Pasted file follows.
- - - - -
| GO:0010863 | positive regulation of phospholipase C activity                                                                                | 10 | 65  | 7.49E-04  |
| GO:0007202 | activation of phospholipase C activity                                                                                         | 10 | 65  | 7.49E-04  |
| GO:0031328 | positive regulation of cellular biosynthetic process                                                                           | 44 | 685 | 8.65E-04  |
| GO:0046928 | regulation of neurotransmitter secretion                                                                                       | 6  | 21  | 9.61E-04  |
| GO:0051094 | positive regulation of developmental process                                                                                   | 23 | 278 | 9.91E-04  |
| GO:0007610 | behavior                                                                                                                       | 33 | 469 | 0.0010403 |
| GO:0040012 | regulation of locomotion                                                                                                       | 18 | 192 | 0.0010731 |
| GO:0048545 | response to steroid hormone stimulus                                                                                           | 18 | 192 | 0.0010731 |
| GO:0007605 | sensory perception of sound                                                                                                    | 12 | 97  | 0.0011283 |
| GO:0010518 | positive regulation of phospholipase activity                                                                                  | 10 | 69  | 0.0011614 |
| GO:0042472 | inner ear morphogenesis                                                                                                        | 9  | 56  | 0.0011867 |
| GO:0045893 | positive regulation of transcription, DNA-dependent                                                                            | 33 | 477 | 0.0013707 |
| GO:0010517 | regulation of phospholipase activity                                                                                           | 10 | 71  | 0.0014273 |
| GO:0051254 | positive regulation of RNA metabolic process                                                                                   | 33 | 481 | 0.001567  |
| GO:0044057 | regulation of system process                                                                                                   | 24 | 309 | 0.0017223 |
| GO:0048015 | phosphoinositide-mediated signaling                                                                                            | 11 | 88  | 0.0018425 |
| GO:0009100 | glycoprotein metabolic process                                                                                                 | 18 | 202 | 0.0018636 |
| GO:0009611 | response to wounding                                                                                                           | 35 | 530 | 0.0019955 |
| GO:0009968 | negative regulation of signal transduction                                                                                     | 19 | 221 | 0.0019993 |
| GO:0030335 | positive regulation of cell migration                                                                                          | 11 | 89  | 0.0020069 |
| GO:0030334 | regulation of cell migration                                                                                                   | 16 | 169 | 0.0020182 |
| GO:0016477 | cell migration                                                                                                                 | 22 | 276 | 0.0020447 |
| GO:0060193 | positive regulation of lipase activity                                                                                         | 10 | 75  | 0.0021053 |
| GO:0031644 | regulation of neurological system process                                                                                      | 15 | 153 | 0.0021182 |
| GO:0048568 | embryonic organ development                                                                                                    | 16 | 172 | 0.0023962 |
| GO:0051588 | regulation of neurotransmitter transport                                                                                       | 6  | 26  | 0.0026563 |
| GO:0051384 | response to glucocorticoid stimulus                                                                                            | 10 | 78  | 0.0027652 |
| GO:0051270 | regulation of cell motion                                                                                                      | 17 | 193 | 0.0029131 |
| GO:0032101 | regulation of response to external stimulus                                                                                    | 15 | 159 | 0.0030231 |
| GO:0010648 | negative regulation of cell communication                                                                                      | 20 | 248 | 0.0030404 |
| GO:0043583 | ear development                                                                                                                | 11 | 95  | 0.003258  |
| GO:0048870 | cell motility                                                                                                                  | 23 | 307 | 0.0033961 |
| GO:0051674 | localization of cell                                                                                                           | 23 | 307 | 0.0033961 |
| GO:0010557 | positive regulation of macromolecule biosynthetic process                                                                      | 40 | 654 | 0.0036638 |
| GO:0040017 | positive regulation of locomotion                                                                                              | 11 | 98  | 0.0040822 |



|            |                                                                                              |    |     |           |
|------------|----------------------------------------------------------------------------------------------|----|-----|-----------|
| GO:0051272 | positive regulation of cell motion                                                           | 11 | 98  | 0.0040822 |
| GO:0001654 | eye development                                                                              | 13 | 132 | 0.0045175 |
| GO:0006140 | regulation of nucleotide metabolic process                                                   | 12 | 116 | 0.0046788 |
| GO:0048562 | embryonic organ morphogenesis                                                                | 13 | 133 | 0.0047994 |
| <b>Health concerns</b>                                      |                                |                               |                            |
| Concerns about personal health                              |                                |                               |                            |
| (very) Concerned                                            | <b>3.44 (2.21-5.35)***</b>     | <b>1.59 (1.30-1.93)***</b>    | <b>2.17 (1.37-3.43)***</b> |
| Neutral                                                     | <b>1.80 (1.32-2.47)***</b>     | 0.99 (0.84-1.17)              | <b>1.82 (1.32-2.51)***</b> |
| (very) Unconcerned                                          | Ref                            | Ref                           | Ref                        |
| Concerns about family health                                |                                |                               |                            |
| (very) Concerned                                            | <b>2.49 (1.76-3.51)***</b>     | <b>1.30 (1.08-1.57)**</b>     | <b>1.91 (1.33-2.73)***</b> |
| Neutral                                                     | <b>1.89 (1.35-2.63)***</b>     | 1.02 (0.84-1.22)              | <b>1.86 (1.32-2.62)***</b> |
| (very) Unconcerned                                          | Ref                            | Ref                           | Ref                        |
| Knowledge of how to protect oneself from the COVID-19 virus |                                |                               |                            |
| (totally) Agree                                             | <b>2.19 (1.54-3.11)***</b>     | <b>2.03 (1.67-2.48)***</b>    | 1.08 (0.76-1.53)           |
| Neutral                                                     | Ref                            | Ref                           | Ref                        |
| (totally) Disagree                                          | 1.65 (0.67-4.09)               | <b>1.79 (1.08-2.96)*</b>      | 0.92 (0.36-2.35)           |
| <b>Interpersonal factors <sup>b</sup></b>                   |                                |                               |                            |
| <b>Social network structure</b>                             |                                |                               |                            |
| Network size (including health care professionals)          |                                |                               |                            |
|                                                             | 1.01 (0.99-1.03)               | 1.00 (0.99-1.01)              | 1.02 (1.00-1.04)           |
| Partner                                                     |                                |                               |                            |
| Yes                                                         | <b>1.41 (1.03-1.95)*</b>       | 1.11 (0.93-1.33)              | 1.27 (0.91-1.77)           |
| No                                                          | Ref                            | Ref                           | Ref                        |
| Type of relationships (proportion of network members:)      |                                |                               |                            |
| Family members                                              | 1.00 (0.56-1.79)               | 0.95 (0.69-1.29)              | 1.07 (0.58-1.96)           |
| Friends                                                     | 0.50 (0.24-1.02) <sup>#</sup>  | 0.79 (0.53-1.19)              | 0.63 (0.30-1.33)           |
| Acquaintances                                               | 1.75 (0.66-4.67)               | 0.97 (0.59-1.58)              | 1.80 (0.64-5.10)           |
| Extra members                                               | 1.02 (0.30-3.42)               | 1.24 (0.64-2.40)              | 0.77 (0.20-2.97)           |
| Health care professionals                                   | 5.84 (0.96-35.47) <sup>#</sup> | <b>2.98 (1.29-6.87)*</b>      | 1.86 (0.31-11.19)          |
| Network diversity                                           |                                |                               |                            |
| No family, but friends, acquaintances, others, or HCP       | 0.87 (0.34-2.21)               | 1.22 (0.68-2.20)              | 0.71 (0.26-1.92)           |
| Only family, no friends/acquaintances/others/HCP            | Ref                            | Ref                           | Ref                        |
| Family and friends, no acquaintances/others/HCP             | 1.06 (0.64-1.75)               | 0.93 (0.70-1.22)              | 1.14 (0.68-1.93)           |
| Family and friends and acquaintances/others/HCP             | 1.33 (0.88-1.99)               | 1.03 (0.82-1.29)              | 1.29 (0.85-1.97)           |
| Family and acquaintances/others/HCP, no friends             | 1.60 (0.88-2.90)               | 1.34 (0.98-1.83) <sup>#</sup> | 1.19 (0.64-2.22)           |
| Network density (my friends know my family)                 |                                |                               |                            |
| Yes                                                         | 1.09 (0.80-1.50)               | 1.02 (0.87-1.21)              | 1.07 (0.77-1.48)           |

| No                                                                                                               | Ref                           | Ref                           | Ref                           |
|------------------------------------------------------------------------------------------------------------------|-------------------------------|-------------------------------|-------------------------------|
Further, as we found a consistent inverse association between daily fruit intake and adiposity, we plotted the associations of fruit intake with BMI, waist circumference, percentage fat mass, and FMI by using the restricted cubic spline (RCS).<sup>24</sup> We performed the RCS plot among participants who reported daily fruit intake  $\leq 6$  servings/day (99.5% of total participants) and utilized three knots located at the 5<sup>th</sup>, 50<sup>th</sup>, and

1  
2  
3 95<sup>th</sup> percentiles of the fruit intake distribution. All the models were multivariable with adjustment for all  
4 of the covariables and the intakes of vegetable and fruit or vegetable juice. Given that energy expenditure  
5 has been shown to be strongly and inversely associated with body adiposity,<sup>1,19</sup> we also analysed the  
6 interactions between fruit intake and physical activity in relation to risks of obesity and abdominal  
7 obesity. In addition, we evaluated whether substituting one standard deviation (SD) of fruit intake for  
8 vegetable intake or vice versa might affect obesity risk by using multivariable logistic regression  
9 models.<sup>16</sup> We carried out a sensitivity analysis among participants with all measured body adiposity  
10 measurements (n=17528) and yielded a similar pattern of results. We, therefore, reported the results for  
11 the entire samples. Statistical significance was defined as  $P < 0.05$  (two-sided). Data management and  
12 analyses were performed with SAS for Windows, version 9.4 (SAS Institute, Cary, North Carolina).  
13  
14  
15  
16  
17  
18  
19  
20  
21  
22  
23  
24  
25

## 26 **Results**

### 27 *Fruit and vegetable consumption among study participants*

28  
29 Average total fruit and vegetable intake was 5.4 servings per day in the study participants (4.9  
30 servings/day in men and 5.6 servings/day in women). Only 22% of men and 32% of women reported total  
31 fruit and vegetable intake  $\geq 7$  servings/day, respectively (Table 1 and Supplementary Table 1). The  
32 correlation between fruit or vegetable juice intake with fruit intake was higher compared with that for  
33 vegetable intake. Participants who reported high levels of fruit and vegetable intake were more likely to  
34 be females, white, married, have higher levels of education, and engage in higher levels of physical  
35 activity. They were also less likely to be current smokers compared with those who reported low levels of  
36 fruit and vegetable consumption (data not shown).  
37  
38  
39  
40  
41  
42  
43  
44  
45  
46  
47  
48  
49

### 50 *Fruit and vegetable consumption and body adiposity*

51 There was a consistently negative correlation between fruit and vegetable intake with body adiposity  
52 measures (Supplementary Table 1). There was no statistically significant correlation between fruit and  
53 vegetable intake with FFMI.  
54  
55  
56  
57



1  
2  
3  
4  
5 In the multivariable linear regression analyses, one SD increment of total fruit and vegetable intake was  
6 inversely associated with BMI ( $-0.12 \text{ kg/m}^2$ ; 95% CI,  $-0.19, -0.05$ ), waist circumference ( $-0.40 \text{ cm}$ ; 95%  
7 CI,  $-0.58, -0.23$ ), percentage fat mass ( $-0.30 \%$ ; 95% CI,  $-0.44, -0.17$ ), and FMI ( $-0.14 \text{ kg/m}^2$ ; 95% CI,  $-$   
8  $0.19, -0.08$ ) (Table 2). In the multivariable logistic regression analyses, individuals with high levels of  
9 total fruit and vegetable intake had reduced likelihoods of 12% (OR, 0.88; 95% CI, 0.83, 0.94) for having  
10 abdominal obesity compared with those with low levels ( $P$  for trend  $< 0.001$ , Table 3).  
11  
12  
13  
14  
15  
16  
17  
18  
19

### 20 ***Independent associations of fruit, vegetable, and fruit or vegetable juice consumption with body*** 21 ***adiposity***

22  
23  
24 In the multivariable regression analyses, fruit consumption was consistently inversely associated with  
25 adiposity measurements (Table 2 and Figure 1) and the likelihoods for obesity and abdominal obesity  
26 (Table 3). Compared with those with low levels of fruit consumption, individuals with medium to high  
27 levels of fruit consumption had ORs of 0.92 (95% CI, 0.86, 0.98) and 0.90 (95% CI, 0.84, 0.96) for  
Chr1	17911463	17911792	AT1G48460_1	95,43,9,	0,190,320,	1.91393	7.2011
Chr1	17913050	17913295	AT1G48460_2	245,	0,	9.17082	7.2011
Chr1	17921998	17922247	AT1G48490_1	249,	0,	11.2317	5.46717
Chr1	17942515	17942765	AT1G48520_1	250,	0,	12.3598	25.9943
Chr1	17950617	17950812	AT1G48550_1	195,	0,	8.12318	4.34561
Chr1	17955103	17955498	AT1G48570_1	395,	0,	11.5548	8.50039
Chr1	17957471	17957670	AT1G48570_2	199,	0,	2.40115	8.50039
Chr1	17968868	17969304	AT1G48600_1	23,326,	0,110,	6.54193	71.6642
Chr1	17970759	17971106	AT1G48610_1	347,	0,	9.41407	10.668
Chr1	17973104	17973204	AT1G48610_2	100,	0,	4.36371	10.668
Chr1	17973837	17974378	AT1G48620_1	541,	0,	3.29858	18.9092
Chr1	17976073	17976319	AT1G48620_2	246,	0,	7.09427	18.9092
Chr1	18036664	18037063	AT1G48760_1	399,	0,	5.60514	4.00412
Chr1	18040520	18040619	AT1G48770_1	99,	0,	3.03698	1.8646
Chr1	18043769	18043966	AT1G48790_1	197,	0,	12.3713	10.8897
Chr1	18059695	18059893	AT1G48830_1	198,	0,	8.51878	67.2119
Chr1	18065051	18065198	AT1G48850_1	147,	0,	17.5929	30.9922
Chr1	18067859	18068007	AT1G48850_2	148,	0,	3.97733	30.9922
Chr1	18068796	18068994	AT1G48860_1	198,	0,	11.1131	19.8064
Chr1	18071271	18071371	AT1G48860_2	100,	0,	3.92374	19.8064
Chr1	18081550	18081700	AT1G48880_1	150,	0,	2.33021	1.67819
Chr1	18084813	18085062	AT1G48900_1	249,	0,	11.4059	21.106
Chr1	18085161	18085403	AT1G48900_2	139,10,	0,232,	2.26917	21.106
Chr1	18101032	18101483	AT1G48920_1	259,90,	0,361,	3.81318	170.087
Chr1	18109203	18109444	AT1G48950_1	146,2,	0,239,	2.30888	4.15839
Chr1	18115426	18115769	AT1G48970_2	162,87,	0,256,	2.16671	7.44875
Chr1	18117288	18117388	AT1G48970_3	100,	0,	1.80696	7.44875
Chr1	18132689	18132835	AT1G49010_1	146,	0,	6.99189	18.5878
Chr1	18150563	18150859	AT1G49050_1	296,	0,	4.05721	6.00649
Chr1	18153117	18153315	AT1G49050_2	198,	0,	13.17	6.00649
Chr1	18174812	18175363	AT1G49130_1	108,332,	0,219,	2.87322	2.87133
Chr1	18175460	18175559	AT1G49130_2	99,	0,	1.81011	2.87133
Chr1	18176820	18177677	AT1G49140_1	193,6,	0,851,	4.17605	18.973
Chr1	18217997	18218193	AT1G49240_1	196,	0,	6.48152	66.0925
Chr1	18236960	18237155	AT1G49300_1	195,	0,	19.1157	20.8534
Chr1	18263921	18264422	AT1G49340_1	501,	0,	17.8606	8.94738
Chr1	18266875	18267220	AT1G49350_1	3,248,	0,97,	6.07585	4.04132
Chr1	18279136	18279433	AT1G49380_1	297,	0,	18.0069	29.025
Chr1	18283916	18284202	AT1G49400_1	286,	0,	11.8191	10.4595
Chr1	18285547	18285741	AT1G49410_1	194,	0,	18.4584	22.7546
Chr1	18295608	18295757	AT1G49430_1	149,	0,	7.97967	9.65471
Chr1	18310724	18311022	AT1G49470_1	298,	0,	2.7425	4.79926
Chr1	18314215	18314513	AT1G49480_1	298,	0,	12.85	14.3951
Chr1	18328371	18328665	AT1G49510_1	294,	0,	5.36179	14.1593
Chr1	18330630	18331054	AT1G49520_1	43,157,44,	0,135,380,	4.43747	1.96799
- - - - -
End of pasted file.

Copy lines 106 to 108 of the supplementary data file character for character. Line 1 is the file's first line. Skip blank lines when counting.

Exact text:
28  
29 Average total fruit and vegetable intake was 5.4 servings per day in the study participants (4.9  
30 servings/day in men and 5.6 servings/day in women). Only 22% of men and 32% of women reported total  